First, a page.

A new tree typically needs ten or so gallons of water per week during hot, dry conditions if possible.
It usually does not need any water during other times of the year or after it has established (establishment usually takes 2-4 years). If this is not possible, make sure to choose a native species acclimated to local weather and site conditions. This species has a higher likelihood of survival without supplemental water. See Proper Care for Newly Planted Trees.
A healthy tree can only grow from healthy soil.
We also need healthy soil to hold carbon in place after the tree has pulled it from the atmosphere. What is healthy soil? It is a wide diversity of billions of microorganisms that make up a living community among non-living elements such as sand and silt. We should avoid using chemicals such as Round-up, pesticides, mosquito sprays, and so forth. These kill the community of microorganisms, turning healthy soil into dead dirt. Leave your leaves under the tree when they fall. They rot and feed life in the soil. For more ways to improve soil health, see From Dead Dirt to Healthy Soil in 7 Simple Steps.
We should place thick beds of wood chips or mulch around the base of a tree.
For example, they rot and feed the microorganisms that make up healthy soil. They also protect the tree from being damaged by lawnmowers and string trimmers. Place the wood chips from the trunk to the edge of the canopy. But avoid placing them on the trunk of the tree – we must not bury the root collar, or we will kill the tree. We prefer arborist wood chips because most tree services give them away for free, and they are very healthy for the tree. Using wood chips also keeps waste out of the landfill. For more information on the benefits of wood chips or how to properly install them, please see Mulching: A Cheap, Easy Way to Increase the Health of Your Trees!
We should avoid using most fertilizers.
They create many serious long-term issues for trees, as well as for the health of Earth. For example, did you know that fertilizer production generates radioactive waste? The best way to feed a tree is to choose products that feed the microorganisms in the soil. They like eating rotting organic matter. We can provide rotting organic matter in the form of leaves, wood chips, compost, humates, etc. Again, leave those leaves in place – they are the best fertilizer available, specially engineered by our planet just for trees. We discuss fertilizers in more detail in our article Using Fertilizer? Think Twice Before You Do.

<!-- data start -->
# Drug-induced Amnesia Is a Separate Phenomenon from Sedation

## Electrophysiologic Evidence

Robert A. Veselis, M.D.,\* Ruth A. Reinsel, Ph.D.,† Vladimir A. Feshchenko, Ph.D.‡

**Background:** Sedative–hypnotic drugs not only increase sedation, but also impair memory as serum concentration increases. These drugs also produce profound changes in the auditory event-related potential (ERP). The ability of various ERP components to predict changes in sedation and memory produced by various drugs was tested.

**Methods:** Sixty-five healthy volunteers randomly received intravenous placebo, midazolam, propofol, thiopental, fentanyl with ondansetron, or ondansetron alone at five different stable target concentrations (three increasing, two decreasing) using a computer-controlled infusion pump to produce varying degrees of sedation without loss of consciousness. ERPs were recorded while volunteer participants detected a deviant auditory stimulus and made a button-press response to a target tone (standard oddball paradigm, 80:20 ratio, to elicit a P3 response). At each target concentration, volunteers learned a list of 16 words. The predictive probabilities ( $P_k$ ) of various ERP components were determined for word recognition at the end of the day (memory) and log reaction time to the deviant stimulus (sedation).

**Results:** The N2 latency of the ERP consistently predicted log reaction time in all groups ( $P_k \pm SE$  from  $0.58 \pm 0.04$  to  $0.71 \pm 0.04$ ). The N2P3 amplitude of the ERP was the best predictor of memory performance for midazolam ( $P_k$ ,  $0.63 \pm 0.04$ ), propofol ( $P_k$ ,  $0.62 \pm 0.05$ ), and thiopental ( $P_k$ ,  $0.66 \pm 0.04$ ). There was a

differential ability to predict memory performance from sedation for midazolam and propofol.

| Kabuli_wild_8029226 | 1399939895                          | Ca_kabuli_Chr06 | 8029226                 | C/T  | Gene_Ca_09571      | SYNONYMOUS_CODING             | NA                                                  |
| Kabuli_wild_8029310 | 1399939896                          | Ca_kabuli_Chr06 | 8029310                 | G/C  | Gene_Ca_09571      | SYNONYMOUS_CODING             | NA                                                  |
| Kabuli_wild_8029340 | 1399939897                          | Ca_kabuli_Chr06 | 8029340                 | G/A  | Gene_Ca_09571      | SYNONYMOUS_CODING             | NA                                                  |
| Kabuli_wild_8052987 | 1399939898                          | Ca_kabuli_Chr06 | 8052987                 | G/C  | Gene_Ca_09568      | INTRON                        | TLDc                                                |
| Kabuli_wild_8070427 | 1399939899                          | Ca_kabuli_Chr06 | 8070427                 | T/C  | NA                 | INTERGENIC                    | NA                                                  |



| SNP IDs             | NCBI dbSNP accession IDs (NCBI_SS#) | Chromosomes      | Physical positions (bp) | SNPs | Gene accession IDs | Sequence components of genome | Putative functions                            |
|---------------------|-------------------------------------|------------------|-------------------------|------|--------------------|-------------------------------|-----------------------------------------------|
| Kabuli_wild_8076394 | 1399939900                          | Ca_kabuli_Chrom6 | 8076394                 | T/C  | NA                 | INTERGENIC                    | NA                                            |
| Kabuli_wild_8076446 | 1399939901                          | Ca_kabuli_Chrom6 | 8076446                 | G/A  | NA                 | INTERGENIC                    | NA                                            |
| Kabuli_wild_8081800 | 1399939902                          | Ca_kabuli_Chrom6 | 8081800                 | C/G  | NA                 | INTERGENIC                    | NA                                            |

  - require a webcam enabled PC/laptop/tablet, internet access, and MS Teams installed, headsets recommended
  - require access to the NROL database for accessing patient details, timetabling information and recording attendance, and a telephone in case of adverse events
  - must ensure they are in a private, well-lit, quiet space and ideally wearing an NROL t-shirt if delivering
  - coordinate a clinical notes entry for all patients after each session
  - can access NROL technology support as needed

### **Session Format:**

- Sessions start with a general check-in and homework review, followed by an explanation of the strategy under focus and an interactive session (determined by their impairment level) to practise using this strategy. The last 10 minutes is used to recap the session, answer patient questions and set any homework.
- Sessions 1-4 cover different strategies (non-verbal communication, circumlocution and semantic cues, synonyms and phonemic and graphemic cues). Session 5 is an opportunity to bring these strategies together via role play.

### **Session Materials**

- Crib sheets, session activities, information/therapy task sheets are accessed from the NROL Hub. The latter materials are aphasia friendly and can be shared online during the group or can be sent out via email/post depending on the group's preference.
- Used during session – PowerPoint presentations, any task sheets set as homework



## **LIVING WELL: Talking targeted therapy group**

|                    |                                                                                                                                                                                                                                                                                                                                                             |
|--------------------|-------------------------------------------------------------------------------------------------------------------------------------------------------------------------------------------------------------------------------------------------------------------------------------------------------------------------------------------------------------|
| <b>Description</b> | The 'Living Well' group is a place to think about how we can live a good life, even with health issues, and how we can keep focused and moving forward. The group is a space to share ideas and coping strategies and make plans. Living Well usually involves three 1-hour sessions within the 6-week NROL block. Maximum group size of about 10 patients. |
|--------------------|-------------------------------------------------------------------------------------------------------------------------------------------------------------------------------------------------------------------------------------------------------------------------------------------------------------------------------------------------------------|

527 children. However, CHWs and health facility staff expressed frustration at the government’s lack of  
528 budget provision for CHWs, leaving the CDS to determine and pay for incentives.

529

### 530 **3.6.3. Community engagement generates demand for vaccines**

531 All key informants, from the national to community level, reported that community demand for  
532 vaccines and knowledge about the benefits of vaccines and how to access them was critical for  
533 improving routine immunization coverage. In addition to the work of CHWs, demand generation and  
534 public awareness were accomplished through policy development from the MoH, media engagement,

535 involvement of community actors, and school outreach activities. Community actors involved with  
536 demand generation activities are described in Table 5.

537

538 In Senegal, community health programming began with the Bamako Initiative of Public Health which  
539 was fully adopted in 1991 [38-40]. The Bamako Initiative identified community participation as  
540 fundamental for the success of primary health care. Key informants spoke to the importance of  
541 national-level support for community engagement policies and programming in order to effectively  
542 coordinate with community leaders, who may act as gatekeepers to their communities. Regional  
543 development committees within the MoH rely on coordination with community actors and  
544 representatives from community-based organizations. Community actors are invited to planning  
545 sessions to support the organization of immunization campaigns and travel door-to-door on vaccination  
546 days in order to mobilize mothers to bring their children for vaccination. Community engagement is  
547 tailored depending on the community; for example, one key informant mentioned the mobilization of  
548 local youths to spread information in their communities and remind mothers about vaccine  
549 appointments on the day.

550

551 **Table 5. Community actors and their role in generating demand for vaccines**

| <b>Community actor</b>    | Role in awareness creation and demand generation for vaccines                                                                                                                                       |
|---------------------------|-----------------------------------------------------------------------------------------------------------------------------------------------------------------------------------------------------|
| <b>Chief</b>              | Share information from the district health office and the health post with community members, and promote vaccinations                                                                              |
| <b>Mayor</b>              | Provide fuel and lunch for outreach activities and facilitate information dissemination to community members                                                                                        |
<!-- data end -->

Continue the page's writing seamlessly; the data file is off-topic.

We must be responsible for how and when we treat trees for pest issues.
All “pests” are natural members of our planet’s ecosystems. We should only consider treatments if the damage is overwhelming the tree, and then we must be very responsible in how we do so. We must avoid causing residual harm to other members of the ecosystem and soil microorganisms. For example, most traditional pesticides kill every insect, not just the targeted bug, as well as life in the soil. Think nuclear bomb on a tiny scale. Instead, we should choose organic, natural ways to target the specific insect when it is most vulnerable without creating negative consequences for the rest of the ecosystem. One amazing way to do this is to install a Piedmont Prairie on site. These prairies host a plethora of predatory insects that feed on tree pests. PRO TIP: better yet, figure out why the tree is not able to adequately defend itself naturally and correct this underlying issue just versus treating the pest. We provide more information on this topic at Friend or Foe: When to Take Action Against Pests.
Pruning a tree is often necessary in an urban setting.
If and when pruning is needed, make sure there is a good reason for doing so since pruning injures the tree. In other words, create a goal that yields an outcome where the ends justify the injury. One example might be structural pruning to create a stronger tree in the future. In addition, always make cuts just outside of the branch collar. This is the only place where the tree can heal. If we violate these concepts, we could sentence the tree to a slow, premature death. There are many resources on how to prune properly. Here is one we created Don't Make a Deadly Mistake: Top 10 Questions to Consider Before Pruning.
We all love our planet. Though many issues threaten the well-being of our future, we have hope. We can work with Nature and look to her for guidance and solutions. We know that healthy trees in abundance create happy people and a more vibrant planet.
So please join us on this journey - let’s repopulate our beloved planet with trees and care for them responsibly.